Romy Bernardo | Sept. 10, 2018
This article was originally published under Mr. Romy Bernardo’s ‘Introspective’ column in BusinessWorld, September 2, 2018. We are reposting here to share with our fellow team members.
IN his third State of the Nation Address (SONA) in July, President Rodrigo Duterte urged Congress to work on his proposal to change the Constitution to enable the Philippines to shift from the current presidential to a federal form of government. Curiously as we observed in our brief, he did it less forcefully then what many had expected considering that federalism, along with the drug war and anti-corruption drive, had been an oft-repeated subject of his lengthy monologues. Today, a month after that speech, the drive for federalism seems to be waning.
What happened? To start with, there was never popular support for federalism, nor even awareness, of what the proposal was about. Then, on the day of the SONA, the fiercest champion of federalism in Congress, the then speaker, was ousted and replaced with former President Gloria Arroyo who does not seem to share her predecessor’s enthusiasm for fast-tracking the proposal. Then, when asked, the President’s own economic team was critical of the proposal’s dire fiscal impact with the Finance Secretary telling members of the Senate that he would “absolutely” not vote for it. The economic team’s position was soon echoed by business and civil society in a rare joint statement issued by seven large business groups and 19 advocacy organizations. Too, the Supreme Court’s ruling granting local governments a larger stake in national taxes may have helped assuage some of the regional discontent with “Imperial Manila.”
And yet, the fuss over federalism is continuing with Malacañang now promoting voter education for public support. Is this another example of a strongman trying to get his way no matter what?
Those who charge the President with chiseling away at Philippine democratic institutions would readily agree, and perhaps they have grounds to believe so.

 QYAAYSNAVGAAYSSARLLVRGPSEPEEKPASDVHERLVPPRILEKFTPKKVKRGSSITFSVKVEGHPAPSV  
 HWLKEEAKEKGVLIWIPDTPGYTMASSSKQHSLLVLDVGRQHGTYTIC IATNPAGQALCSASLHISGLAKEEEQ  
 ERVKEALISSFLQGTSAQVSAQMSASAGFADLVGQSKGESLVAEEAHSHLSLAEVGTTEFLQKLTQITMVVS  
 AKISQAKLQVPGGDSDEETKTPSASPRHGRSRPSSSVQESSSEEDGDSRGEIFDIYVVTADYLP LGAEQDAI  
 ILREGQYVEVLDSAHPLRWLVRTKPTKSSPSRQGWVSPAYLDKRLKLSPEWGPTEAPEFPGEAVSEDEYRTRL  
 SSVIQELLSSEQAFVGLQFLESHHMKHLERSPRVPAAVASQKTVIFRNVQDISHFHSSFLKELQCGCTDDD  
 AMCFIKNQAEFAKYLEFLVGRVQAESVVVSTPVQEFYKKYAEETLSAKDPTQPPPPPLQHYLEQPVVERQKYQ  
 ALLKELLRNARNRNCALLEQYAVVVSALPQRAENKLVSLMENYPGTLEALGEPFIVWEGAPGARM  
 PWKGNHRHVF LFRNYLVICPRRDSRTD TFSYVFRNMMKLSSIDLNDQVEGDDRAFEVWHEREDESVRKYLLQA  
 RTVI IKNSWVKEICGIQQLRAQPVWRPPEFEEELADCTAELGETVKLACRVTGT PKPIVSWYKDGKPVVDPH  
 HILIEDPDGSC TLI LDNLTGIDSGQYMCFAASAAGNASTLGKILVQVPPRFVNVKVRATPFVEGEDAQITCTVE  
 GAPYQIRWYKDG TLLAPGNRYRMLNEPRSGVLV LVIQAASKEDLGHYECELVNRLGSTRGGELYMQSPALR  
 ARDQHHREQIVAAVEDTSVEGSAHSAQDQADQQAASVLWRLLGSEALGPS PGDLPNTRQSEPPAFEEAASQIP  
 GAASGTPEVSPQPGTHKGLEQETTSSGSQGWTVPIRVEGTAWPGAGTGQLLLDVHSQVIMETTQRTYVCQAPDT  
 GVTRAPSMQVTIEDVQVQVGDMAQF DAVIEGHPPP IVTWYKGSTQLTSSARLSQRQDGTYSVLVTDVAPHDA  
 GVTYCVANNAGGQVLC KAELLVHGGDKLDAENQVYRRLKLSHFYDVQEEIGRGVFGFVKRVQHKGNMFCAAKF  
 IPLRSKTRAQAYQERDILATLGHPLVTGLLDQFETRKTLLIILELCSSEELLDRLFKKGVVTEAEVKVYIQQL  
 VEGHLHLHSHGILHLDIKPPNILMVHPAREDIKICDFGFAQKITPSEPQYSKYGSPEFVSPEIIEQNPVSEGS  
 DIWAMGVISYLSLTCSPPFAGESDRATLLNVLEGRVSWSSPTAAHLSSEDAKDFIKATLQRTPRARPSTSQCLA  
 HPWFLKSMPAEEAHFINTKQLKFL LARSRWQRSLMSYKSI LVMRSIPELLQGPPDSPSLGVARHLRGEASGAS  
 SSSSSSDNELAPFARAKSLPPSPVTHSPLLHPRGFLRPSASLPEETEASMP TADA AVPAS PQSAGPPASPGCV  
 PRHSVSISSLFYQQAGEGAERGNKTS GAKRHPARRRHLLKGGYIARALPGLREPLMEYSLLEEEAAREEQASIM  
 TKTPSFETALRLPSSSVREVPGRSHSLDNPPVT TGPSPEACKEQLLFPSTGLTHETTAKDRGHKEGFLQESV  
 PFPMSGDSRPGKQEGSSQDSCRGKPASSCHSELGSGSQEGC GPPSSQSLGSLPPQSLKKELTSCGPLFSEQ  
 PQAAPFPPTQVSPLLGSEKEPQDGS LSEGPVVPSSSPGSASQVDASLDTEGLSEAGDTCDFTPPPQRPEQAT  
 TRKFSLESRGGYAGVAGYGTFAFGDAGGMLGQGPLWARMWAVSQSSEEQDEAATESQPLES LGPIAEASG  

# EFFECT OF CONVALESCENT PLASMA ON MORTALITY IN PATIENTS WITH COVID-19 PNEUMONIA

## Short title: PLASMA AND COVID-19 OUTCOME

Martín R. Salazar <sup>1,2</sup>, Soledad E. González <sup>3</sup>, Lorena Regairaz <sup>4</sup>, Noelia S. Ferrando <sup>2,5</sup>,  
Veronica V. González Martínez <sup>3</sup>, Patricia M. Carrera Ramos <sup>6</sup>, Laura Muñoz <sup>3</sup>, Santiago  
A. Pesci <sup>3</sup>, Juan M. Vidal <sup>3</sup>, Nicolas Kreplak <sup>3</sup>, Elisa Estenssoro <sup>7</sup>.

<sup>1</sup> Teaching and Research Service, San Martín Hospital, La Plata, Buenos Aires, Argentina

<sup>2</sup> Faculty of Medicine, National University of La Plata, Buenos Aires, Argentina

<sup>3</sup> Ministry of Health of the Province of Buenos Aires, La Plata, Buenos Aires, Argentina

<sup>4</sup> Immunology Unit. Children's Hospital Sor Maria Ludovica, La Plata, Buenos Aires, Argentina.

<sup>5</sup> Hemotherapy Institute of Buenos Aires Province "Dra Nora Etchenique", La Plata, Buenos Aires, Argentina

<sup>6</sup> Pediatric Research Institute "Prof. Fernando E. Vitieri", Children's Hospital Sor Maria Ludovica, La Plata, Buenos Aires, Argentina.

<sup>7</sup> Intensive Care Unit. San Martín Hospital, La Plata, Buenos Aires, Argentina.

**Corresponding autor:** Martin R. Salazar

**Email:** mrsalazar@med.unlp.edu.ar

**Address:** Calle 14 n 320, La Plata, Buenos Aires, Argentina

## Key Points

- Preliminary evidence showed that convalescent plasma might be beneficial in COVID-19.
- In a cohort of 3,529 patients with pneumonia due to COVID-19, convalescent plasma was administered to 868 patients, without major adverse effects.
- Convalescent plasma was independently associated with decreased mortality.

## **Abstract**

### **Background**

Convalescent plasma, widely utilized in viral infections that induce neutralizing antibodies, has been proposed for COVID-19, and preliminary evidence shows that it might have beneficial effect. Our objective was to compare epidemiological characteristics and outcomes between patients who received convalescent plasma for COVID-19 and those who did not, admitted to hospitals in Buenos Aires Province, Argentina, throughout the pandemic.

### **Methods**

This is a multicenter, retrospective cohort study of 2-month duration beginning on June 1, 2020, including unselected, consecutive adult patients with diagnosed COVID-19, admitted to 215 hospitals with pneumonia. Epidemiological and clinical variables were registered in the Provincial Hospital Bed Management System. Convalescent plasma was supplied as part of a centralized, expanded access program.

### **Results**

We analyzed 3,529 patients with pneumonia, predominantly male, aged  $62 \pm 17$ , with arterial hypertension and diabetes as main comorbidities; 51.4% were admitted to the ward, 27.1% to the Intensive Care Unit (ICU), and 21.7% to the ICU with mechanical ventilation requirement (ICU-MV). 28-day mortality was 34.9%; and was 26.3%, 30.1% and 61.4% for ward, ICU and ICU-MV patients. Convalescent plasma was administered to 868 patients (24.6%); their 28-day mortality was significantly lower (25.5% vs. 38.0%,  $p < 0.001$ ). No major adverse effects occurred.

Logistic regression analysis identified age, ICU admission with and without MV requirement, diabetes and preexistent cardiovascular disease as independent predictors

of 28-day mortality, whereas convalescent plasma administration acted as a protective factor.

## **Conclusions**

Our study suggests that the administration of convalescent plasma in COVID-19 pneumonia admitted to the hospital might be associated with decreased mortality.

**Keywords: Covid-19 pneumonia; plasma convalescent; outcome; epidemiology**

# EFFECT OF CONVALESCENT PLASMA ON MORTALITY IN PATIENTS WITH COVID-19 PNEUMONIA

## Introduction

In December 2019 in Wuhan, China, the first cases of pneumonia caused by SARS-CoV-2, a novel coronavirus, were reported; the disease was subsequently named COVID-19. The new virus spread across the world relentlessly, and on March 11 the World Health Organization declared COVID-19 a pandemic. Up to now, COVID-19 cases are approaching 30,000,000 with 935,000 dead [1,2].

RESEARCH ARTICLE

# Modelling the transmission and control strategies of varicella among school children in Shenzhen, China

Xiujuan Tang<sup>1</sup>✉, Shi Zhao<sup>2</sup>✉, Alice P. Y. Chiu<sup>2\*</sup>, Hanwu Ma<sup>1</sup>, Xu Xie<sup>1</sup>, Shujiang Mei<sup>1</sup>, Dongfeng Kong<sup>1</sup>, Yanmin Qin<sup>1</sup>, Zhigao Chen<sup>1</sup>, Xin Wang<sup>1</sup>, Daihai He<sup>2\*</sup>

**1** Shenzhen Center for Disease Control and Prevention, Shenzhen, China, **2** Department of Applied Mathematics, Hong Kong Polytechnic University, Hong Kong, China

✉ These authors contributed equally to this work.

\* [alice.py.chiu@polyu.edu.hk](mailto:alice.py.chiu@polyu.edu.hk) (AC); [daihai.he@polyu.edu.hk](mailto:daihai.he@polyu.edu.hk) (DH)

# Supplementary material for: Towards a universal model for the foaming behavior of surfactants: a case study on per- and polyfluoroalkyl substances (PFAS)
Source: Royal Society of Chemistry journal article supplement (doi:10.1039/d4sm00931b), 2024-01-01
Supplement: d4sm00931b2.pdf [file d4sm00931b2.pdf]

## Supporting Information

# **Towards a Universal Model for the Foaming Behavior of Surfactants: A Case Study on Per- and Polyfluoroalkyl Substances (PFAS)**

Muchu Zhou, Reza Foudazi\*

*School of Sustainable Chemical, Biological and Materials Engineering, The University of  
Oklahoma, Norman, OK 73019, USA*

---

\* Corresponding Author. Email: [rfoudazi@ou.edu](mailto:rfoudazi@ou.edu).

Nevertheless, there is another possibility that we find hard to refute. This view argues that for President Duterte, the federalism campaign is just a matter of keeping options open. The ultimate objective, per this line of reasoning, is effective succession planning, one that would allow him to escape Philippine democracy’s disturbing cycle of successive leaders sending their predecessors to jail. Indeed, many have observed that in the country’s post-democracy era, only President Corazon Aquino had managed her succession successfully.
If this is the case, then fate has favored him with an unequaled ally in the person of Speaker Arroyo. The former president, who had been under hospital arrest during most of her successor’s term, had tried to amend the Constitution through various means during her presidency (though she preferred then a unitary parliamentary to a federal presidential system). From all indications, Speaker Arroyo remains committed to this vision. She has, however, only nine months remaining in her third and last congressional term and has dismissed the former speaker’s plan to cancel the 2019 mid-term elections (supposedly to give Congress time to work on federalism).
What will she do then? For one who considers politics the art of the possible, she would most likely have several cards under her sleeve and close to her chest. For now, she has put the onus of setting the President’s proposal aside on the Senate, which has refused to participate in a constituent assembly, the President’s preferred avenue for changing the Constitution. Meanwhile, she has busied herself tending to matters that the President has no appetite for, i.e., the economy, and possibly filling a vacuum in leadership. The months ahead will reveal how the stars will align for the two most powerful people in the country.
In the meantime, the success of the President’s daughter (the mayor of Davao City) in forming a formidable alliance between her regional party (Hugpong Ng Pagbabago or HNP) and nine other national and local parties has opened up another path that may allow the President to retire in peace to his hometown at the end of his term. Of course, he still has four years to go in his term and in Philippine politics, “that is light years away.”
Romeo L. Bernardo was Finance Undersecretary during the Cory Aquino and Ramos administrations. He is a fellow of the Foundation for Economic Freedom and a Governor of the Management Association of the Philippines.